Finally, these maps are based largely on low-resolution satellite information, as well as work that is now somewhat out of date. Thus, the estimates of changed land cover for South America probably underestimate not only the area transformed but also the loss of biological diversity. Significant and extensive losses of most large animal species are occurring even while most of the land cover seen from the perspectives of either satellites or map makers remains deceptively unchanged.


Foster Brown and Thomas A. Stone, "Using Satellite Photography for Grassroots Development in Amazonia," Cultural Survival Quarterly, Vol. 13, No.1, 1989.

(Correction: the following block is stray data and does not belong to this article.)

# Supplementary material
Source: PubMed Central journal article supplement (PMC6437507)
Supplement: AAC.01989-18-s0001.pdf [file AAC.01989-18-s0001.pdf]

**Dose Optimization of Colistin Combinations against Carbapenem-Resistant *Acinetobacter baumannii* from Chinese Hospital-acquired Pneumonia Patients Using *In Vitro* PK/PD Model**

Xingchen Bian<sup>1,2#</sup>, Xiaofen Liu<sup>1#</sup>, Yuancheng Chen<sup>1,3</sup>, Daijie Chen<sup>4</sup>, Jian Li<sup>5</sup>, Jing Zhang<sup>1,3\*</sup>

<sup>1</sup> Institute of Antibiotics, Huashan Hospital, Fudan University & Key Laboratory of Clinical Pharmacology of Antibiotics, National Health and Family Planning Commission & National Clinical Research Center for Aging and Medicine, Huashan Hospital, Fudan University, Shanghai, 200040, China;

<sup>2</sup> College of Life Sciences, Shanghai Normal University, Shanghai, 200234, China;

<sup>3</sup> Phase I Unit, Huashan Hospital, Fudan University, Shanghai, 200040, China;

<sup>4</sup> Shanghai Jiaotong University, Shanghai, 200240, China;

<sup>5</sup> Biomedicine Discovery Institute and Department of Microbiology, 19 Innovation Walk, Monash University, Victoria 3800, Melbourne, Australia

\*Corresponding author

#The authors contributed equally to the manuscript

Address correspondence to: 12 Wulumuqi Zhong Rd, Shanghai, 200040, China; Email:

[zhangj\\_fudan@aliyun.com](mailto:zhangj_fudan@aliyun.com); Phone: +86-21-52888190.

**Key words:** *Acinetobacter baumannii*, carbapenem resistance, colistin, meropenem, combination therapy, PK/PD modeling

B.L. Turner, William Clark, Robert Kates, John Richards, Jessica Matthews, and William Myer, eds., The Earth as transformed by Human Action, Cambridge University Press, 1990.

South America's Disappearing Natural Vegetation

(thousands of square miles)

Current Continental Area Pre-Disturbance Area Decline


Tropical moist

forest (TMF) 2,281.8 33.4% 2,499.4 36.5% 8.7%

Degraded TMF 217.5 3.2%

Closed Canopy forest 2,521.5 36.9% 3,217.9 47.0% 21.6%

Degraded closed

canopy forest 696.4 10.2%

Woodlands 1,200.7 17.6% 1,458.2 21.3% 17.7%

Degraded woodlands 257.5 3.8%

Savannah-grasslands 1,020.1 14.9% 1,332.2 19.5% 23.4%

Degraded Savannah-

grasslands 312.2 4.6%

Shrublands and

Scrublands 417.2 6.1% 417.2 6.1%


Desert, bare soil 128.1 1.9% 128.1 1.9%

Water 63.1 0.9% 63.0 0.9%

Snow, rock and rice 18.9 0.3% 18.9 0.3%

Other (wet vegetation

and mangroves) 83.9 1.2% 83.9 1.2%

Unclassified 120.9 1.8% 120.9 1.8%

Note: Tropical moist forest is a subcategory of closed canopy forest.